A: You have a claim against the drunk driver for all of your damages, including your medical bills and lost income; and including a factor for your pain and suffering and any long-term problems you may have due to your injuries. If the other driver was insured, you have a claim against his insurance company. If the other driver was not insured, you have an Uninsured Motorist claim under your own policy. In addition, since the other driver was intoxicated when he hit you, Oregon law allows you to ask for punitive damages; these are damages intended to punish the driver for acting in a socially irresponsible manner. The amount of damages you actually recover will depend on the type and permanence of the injuries, plus the amounts of your bills and lost income.

Injured Motorcyclist

Q: I was driving my motorcycle when a van pulled out in front of me. I tried to swerve, but hit the van. I broke my leg and have a lot of cuts and abrasions. I had insurance on my bike, but my insurance won't pay my medical bills. The other insurance company paid for my bike but won't pay my medical bills until I sign a release. Is that right?

A: Every automobile insurance policy issued in Oregon is required to provide Personal Injury Protection (PIP) to pay medical bills and a portion of your lost income. However, motorcycle insurance policies are not required to provide PIP, and many policies do not include it. You should check your policy to see if it is included. You have a claim against the driver of the van for your medical bills, lost income, pain and suffering and any long-term problems due to your injuries. The other insurance company typically will not pay interim medical bills, and will only want to pay once for your whole claim. But you should not settle your claim until you know the full extent of your expenses and your injuries; once you settle, you are finished, and cannot go back for more money later. If you have medical insurance, your medical insurance should pay your bills; however, they will want to be repaid out of any settlement or judgment.

Injured Passenger

Q: I was a passenger in a friend's car. My friend was speeding when another car pulled out from a stop sign. We hit the other car, and I had to go to the hospital with a broken arm and leg. The other driver's insurance company said the accident was my friend's fault, since he was speeding. Is that right?

A: If your friend was going faster than the speed limit, and his speed contributed to causing the accident, then your friend is partially liable for causing the accident. However, the other driver also had a duty to yield the right of way to your friend's car. Since both drivers contributed to causing the accident, you have a claim against both drivers for your medical expenses, lost wages, pain and suffering and any long-term problems you have as a result of your injuries. You need to pursue claims with the other driver's insurance company and your friend's insurance company. In the meantime, your friend's insurance should be paying for your medical expenses (up to a year after the accident and up to at least $15,000) and part of your lost wages if you were disabled for 14 days or more.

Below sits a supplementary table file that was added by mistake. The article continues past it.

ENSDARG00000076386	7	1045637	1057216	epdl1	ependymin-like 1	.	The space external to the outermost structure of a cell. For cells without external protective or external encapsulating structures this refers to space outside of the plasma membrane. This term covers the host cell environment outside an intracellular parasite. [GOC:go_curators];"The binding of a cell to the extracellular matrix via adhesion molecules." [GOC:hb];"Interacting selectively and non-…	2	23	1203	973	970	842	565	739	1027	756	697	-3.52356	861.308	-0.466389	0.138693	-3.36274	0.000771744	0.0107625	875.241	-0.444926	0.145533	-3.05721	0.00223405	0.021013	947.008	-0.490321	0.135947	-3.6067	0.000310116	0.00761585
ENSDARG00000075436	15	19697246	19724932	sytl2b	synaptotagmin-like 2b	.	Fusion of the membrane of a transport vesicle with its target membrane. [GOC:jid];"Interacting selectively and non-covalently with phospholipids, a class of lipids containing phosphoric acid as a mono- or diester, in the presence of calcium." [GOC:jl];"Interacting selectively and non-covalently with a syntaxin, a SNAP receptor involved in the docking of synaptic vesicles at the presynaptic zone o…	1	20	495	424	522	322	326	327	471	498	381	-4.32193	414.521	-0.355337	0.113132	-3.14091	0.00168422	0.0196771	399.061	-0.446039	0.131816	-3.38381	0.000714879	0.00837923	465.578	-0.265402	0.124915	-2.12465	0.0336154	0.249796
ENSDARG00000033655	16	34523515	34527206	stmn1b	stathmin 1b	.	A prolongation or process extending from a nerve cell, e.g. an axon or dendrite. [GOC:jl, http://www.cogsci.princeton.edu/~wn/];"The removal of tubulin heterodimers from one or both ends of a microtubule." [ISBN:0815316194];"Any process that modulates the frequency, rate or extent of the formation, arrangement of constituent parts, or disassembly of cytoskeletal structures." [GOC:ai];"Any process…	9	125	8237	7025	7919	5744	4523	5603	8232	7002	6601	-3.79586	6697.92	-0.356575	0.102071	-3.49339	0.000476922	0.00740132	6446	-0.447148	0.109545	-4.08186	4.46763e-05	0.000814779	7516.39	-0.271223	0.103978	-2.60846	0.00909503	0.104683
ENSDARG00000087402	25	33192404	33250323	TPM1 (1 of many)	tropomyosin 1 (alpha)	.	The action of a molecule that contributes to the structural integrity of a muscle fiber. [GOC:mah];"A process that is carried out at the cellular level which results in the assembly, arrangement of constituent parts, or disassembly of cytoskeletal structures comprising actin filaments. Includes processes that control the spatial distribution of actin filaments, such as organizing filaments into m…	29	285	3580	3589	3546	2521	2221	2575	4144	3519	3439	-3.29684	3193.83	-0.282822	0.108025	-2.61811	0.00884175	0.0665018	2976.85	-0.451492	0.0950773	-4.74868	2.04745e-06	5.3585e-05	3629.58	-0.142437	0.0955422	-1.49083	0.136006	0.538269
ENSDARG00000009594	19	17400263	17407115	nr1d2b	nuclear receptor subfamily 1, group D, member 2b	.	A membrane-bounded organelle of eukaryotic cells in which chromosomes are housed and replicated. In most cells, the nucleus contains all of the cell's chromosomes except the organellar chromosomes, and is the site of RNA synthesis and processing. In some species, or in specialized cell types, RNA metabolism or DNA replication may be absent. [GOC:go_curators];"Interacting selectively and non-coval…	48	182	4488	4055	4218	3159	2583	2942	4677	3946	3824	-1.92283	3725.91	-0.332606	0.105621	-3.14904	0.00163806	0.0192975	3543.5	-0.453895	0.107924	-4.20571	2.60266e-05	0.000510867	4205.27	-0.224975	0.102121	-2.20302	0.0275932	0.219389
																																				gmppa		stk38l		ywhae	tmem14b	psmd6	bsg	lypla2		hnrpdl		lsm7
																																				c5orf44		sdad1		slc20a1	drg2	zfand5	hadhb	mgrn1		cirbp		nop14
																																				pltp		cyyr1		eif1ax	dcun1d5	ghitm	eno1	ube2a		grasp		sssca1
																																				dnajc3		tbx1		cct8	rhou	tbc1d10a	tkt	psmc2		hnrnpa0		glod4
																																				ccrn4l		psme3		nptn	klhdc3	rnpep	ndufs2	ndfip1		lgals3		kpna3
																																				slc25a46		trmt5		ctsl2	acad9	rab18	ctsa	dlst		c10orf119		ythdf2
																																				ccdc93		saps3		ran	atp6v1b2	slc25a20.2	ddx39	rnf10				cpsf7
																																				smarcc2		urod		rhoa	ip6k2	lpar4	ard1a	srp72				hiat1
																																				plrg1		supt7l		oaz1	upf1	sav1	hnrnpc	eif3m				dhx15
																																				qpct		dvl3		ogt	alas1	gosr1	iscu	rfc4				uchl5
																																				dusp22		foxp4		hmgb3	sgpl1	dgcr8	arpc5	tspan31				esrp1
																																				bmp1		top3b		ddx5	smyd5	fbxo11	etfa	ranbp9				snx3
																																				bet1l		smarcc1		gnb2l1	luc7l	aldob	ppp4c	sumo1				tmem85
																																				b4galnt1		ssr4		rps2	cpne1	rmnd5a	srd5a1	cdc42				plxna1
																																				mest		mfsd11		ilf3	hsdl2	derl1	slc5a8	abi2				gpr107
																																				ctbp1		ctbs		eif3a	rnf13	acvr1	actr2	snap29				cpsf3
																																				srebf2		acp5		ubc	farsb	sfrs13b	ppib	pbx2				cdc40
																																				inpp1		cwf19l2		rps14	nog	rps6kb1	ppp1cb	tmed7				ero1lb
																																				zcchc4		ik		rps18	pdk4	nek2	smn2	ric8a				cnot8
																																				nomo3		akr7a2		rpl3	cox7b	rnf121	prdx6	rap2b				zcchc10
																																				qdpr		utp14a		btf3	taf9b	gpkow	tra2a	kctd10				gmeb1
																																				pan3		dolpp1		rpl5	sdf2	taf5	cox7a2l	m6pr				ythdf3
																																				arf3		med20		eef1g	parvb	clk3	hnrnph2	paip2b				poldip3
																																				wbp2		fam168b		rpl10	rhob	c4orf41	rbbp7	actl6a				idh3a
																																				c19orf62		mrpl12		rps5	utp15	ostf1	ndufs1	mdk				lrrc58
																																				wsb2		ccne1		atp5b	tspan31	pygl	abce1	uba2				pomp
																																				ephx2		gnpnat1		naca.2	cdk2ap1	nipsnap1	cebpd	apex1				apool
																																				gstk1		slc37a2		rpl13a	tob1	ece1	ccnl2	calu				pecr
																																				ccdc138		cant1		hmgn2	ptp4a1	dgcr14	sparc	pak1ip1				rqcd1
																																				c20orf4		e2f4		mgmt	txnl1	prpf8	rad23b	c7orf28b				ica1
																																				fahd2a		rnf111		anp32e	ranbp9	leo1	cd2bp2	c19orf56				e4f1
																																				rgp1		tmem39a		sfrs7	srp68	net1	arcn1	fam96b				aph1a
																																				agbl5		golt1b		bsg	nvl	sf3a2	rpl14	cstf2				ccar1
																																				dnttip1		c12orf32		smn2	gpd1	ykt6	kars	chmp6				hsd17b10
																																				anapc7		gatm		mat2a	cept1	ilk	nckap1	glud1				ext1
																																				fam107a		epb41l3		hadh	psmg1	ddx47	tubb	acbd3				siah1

Injured By Girlfriend

Q: I was riding with my girlfriend when she ran a red light and caused an accident. Her insurance has been paying my medical bills and part of my lost income. I don't want to sue her, but am I entitled to anything more?

A: Yes. In addition to having your medical expenses (up to at least $15,000 or 1 year after the accident, whichever comes first) and 70% of your lost income (up to $3,000 per month) paid under the Personal Injury Protection (PIP) part of your girlfriend's insurance, you have a claim for your injuries. Your claim includes any medical expenses and lost income not paid under the PIP, and money for your pain and suffering and any long-term problems due to the accident. Your girlfriend's insurance should pay these amounts, up to her policy limits. You may not need to actually sue your girlfriend if you and your attorney can reach agreement with her insurance company on the fair value of your claim. However, if you cannot reach a fair settlement, you may need to file a lawsuit to determine fair compensation for your injuries. If you do need to file a lawsuit, your girlfriend's insurance company would pay for a lawyer for her and would pay any judgment you got, up to her policy limits.

Child Hurt in Accident

Q: I was driving my 9-year old son home after a rainfall, went a little too fast and spun out, hitting a tree. My son broke his arm and has neck pain. My insurance has been paying the medical bills, but my wife said my son has a claim against me for his injuries. Is this true?